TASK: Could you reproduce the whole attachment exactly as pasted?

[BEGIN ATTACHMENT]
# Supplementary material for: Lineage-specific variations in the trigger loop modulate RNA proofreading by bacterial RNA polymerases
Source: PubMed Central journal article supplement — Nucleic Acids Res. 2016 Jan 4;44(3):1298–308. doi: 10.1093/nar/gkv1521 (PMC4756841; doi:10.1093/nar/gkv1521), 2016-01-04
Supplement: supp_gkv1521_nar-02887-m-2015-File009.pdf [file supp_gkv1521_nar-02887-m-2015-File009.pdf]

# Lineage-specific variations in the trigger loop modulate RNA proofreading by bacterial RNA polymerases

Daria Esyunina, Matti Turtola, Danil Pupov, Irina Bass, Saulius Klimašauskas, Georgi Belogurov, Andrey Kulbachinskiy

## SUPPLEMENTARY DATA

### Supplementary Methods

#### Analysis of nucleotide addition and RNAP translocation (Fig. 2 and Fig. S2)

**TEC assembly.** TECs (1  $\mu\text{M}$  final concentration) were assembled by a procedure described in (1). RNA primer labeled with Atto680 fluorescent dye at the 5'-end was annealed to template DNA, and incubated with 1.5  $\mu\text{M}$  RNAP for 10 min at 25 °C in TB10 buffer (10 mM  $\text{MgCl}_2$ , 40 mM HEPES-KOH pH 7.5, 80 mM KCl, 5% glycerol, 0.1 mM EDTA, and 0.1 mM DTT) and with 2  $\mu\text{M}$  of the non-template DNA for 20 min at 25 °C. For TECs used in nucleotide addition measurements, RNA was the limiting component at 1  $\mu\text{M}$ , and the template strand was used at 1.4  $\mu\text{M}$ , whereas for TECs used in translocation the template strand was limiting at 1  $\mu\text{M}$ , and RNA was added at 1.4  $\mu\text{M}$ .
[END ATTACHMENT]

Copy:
# Supplementary material for: Lineage-specific variations in the trigger loop modulate RNA proofreading by bacterial RNA polymerases
Source: PubMed Central journal article supplement — Nucleic Acids Res. 2016 Jan 4;44(3):1298–308. doi: 10.1093/nar/gkv1521 (PMC4756841; doi:10.1093/nar/gkv1521), 2016-01-04
Supplement: supp_gkv1521_nar-02887-m-2015-File009.pdf [file supp_gkv1521_nar-02887-m-2015-File009.pdf]

# Lineage-specific variations in the trigger loop modulate RNA proofreading by bacterial RNA polymerases

Daria Esyunina, Matti Turtola, Danil Pupov, Irina Bass, Saulius Klimašauskas, Georgi Belogurov, Andrey Kulbachinskiy

## SUPPLEMENTARY DATA

### Supplementary Methods

#### Analysis of nucleotide addition and RNAP translocation (Fig. 2 and Fig. S2)

**TEC assembly.** TECs (1  $\mu\text{M}$  final concentration) were assembled by a procedure described in (1). RNA primer labeled with Atto680 fluorescent dye at the 5'-end was annealed to template DNA, and incubated with 1.5  $\mu\text{M}$  RNAP for 10 min at 25 °C in TB10 buffer (10 mM  $\text{MgCl}_2$ , 40 mM HEPES-KOH pH 7.5, 80 mM KCl, 5% glycerol, 0.1 mM EDTA, and 0.1 mM DTT) and with 2  $\mu\text{M}$  of the non-template DNA for 20 min at 25 °C. For TECs used in nucleotide addition measurements, RNA was the limiting component at 1  $\mu\text{M}$ , and the template strand was used at 1.4  $\mu\text{M}$ , whereas for TECs used in translocation the template strand was limiting at 1  $\mu\text{M}$ , and RNA was added at 1.4  $\mu\text{M}$ .